As we warned here exactly one month ago, the tapering discussion may be merely a "sideshow to a previously undiscussed main event: the Fed's first forecast of 2016 interest rates." Now, the Fed's mouthpiece-at-large has decided we can handle the truth and the WSJ's John Hilsenrath explains the dilemma - The Fed's updated economic projections could show an economy that appears back to normal by 2016, but their projections of where short-term interest rates will be could show rates still quite low by then. Their challenge: How to justify the low interest-rate plan when their own estimates suggest an economy regaining its health. Crucially, Hilsenrath adds, as the economy improves, the Fed is trying to shift its emphasis from bond buying, which has uncertain costs and benefits, to the low-rate pledge. How will the Fed square an economy near full employment with a federal funds rate that remains historically low? "There is an inconsistency there," said John Taylor - apparently confirming what Rick Santelli asked before - "What is the Fed afraid of?"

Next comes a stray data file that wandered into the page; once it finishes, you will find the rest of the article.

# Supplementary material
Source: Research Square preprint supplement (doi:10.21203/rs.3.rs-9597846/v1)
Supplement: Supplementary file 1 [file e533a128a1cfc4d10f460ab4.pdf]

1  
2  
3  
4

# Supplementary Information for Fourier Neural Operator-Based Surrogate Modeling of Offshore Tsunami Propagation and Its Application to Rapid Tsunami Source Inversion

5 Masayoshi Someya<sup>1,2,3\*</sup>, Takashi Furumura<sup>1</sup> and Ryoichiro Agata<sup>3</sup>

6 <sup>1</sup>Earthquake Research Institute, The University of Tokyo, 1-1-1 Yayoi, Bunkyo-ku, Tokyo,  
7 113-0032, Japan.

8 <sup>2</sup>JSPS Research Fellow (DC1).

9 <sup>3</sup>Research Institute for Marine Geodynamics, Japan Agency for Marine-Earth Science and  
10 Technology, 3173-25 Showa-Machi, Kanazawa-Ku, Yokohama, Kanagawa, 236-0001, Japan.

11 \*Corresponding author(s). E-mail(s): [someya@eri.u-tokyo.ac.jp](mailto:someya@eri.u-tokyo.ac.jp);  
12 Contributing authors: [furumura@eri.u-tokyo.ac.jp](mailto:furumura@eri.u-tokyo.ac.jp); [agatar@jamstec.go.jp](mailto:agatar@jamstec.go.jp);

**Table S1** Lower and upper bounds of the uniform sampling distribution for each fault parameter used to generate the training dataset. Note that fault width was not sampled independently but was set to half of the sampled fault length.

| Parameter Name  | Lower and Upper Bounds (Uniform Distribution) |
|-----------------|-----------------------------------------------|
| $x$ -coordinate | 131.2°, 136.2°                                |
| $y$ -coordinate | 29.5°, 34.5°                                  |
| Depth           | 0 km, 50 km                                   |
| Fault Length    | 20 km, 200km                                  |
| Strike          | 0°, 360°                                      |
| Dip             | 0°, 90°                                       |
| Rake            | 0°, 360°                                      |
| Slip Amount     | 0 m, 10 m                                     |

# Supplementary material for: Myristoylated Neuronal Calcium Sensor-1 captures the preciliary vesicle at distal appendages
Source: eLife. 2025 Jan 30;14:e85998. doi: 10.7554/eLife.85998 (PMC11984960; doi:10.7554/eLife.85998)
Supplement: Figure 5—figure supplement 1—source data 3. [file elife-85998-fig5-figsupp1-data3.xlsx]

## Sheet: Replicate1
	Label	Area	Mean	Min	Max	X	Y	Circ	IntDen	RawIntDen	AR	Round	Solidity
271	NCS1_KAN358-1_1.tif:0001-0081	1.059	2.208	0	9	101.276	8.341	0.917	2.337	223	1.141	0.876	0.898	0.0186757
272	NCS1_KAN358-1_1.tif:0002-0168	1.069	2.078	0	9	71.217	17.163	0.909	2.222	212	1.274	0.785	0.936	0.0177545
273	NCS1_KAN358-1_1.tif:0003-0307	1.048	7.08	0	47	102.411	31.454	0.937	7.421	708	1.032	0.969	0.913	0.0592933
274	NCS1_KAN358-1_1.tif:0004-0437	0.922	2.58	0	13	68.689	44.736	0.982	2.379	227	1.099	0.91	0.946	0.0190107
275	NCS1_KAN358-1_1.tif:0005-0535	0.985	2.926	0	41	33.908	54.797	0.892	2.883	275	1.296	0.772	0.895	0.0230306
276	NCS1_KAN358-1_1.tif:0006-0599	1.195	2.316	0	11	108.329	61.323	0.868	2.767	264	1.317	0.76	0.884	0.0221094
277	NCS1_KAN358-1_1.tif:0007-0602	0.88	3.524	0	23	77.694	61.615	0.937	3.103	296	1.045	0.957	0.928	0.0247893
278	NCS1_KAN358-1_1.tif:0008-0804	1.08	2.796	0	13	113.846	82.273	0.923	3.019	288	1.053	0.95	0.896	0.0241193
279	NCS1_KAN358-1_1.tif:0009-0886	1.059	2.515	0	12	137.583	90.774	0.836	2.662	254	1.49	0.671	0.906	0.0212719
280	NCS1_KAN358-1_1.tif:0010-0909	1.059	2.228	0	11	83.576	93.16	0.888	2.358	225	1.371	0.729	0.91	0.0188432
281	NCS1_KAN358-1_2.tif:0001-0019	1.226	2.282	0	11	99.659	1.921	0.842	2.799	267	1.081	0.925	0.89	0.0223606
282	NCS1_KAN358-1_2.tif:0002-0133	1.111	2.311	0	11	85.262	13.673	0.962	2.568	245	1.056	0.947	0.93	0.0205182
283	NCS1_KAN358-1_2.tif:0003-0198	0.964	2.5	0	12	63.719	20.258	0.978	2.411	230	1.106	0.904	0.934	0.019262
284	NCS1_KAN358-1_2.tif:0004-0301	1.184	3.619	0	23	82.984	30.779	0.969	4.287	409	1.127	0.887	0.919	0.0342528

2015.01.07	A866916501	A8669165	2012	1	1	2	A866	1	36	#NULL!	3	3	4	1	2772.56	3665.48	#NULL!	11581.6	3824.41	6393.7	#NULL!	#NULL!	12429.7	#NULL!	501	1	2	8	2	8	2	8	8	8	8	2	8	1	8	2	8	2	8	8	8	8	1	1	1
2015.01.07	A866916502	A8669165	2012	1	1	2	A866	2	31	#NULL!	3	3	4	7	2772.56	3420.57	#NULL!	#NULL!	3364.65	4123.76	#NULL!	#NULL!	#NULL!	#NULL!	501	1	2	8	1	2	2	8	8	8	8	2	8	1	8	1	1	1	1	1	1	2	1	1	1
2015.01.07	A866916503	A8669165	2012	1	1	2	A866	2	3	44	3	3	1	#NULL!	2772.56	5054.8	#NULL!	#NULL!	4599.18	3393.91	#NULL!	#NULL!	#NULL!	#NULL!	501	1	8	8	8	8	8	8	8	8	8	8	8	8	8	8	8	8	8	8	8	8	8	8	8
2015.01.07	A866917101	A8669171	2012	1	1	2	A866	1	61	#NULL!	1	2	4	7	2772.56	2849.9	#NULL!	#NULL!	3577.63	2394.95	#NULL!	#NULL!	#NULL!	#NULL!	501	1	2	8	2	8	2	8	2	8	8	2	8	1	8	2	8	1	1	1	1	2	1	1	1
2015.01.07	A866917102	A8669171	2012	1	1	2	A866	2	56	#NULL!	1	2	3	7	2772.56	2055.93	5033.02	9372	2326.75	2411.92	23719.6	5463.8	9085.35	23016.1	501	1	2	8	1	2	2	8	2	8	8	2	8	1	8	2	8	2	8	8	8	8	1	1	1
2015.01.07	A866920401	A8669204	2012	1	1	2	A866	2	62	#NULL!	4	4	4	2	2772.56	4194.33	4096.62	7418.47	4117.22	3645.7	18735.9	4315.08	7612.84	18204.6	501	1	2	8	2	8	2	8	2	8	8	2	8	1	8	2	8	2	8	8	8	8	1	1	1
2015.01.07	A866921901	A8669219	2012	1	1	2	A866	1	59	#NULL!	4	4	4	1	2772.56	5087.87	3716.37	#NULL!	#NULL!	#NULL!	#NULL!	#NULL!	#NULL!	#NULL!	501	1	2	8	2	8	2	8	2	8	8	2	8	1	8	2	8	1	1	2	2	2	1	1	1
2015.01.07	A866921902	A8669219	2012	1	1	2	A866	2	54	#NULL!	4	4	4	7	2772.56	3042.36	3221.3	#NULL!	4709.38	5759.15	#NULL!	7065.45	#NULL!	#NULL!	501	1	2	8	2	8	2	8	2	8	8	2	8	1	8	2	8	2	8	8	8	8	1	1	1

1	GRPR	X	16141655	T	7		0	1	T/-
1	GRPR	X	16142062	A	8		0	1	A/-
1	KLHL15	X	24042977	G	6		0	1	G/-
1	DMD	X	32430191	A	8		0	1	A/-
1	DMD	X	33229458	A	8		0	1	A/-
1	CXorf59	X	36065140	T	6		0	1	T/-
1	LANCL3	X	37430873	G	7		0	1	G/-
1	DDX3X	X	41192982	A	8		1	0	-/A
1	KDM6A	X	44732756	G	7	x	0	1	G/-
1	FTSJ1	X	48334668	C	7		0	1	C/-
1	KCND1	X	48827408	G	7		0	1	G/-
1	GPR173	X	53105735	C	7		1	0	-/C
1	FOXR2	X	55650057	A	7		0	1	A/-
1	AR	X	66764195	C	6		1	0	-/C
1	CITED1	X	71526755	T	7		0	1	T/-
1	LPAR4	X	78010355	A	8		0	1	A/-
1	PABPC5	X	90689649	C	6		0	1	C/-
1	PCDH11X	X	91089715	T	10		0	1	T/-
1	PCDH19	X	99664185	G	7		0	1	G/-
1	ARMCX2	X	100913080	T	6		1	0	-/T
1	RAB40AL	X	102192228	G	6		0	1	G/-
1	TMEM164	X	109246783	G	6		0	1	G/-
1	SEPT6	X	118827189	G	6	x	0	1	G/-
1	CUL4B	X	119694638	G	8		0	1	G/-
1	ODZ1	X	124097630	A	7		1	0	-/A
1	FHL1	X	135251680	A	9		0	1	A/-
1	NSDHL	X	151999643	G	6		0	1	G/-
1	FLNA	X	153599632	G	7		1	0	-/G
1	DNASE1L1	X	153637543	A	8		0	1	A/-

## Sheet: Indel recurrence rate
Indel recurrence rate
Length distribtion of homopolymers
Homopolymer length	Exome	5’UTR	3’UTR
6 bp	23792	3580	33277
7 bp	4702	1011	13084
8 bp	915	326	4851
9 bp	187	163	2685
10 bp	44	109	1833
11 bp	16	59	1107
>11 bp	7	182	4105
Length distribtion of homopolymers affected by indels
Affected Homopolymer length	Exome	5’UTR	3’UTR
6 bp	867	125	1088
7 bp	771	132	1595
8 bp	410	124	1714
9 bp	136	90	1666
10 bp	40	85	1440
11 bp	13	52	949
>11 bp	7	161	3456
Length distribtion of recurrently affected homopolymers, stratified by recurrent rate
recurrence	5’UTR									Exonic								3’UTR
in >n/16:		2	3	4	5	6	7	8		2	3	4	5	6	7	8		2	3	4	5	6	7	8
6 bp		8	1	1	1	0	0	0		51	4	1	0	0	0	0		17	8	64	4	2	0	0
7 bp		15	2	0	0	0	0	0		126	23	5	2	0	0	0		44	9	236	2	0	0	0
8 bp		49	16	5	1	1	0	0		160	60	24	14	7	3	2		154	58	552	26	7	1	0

The American public is "just too darn stupid to get it." That is the message that CNBC's Rick Santelli hears from the mainstream media when discussing polls that suggest US citizens are against a rise in the debt ceiling. Perhaps, as he exclaims, "we should only poll the Harvard and Princeton professors," since they have such a good grasp of reality. But, it is the "giant leap of faith" that the Fed can really move unemployment and keep the economy humming along to support the level of equities that has the Chicagoan irate. Congress - listen up - he explodes, "70% of Americans oppose raising the debt ceiling, and 55% oppose it even if it means default." With the mid-terms not so far away, Santelli warns, "Americans know exactly what they want and they are not getting it from the current Congress."